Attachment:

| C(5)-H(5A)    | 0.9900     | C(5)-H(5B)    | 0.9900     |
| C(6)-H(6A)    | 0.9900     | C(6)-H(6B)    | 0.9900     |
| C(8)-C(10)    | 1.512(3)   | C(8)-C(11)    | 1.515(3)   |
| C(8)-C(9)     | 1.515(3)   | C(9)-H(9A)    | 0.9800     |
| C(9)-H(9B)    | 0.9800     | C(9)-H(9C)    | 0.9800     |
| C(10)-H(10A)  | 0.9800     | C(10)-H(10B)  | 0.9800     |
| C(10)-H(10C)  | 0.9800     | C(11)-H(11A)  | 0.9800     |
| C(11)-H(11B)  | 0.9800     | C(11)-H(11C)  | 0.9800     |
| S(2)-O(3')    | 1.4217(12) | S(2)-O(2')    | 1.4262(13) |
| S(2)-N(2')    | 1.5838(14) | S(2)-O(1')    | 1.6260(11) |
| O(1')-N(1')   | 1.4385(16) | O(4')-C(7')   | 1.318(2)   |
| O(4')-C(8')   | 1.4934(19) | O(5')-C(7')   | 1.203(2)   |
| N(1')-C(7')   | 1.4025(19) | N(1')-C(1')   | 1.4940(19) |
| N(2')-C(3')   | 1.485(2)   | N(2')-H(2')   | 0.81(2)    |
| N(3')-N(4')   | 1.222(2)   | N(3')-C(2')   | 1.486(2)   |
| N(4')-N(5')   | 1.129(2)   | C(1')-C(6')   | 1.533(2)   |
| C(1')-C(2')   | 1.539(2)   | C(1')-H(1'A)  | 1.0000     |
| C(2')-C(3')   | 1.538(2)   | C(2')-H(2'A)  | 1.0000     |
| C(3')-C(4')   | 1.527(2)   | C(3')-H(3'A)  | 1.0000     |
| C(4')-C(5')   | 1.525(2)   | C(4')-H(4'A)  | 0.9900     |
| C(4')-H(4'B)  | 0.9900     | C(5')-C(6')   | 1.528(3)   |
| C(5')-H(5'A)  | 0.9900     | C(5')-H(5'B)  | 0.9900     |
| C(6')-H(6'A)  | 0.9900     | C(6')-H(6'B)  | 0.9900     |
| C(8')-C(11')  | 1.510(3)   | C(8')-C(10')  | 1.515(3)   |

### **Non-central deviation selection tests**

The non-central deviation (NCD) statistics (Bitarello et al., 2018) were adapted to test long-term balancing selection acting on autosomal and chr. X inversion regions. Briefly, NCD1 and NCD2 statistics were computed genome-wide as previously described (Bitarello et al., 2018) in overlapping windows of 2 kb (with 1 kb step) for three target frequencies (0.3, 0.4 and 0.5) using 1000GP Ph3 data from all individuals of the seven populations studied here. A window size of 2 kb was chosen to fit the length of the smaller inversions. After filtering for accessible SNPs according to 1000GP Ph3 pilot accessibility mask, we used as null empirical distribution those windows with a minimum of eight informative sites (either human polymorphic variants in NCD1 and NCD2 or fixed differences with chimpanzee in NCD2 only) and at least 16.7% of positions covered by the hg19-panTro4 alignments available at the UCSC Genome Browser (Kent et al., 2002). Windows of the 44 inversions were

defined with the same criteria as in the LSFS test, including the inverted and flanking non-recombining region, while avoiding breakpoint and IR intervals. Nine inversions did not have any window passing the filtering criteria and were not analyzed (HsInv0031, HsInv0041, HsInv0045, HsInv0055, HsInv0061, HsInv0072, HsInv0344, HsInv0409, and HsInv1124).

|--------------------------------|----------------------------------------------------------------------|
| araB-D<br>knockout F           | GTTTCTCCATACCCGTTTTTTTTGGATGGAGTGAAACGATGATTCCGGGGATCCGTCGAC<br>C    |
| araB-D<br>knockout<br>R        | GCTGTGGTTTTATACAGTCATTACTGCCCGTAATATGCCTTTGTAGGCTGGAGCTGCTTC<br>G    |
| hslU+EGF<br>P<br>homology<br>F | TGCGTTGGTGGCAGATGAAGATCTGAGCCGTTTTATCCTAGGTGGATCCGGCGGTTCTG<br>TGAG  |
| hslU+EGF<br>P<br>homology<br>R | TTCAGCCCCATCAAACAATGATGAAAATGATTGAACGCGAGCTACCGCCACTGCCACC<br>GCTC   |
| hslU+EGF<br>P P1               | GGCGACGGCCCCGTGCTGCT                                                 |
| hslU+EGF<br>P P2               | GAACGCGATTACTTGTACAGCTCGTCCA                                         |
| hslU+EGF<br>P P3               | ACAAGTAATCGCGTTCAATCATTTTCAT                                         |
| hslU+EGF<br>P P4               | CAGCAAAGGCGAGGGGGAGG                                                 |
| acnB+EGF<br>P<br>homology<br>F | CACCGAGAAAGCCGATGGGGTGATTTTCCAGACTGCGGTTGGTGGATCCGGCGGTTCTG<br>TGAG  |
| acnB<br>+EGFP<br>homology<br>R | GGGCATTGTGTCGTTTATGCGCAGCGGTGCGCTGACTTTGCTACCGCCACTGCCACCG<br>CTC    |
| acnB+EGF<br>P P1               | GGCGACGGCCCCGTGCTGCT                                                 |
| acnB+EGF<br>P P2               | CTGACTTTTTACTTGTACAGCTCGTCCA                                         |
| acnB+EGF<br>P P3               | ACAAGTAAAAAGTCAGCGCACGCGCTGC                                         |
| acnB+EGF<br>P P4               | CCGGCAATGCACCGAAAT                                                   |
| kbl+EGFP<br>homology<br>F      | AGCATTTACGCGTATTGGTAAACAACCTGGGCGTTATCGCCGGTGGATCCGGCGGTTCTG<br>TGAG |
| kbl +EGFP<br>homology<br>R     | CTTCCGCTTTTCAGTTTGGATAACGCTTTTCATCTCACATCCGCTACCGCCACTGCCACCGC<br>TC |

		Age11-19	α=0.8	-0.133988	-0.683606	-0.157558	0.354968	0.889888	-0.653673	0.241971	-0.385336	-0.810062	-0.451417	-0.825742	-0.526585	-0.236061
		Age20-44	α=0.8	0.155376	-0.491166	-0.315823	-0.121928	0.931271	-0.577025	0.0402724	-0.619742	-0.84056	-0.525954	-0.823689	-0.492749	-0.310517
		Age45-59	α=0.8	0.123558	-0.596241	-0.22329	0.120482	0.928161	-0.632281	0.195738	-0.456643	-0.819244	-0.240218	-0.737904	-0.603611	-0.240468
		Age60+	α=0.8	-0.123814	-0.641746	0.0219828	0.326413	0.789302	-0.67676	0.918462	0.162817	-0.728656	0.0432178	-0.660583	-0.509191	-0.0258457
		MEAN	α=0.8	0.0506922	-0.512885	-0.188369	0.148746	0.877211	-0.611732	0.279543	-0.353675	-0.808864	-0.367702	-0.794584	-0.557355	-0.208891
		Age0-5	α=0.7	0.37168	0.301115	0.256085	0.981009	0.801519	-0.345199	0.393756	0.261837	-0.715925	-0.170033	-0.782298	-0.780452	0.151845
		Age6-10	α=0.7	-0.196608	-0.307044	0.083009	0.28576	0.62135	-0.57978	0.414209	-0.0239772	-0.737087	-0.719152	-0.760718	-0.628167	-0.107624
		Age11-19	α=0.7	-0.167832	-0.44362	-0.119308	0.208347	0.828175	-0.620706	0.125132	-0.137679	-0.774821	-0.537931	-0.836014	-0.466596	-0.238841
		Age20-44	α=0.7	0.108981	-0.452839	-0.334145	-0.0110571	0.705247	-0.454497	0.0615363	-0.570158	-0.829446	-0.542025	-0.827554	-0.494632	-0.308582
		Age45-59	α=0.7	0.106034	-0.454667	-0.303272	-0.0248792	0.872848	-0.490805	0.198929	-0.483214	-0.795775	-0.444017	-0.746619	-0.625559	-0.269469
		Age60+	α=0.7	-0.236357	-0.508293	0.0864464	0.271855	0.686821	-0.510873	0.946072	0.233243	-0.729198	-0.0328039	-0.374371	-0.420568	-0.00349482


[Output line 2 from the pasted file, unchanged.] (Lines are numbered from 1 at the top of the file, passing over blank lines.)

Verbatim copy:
| C(6)-H(6A)    | 0.9900     | C(6)-H(6B)    | 0.9900     |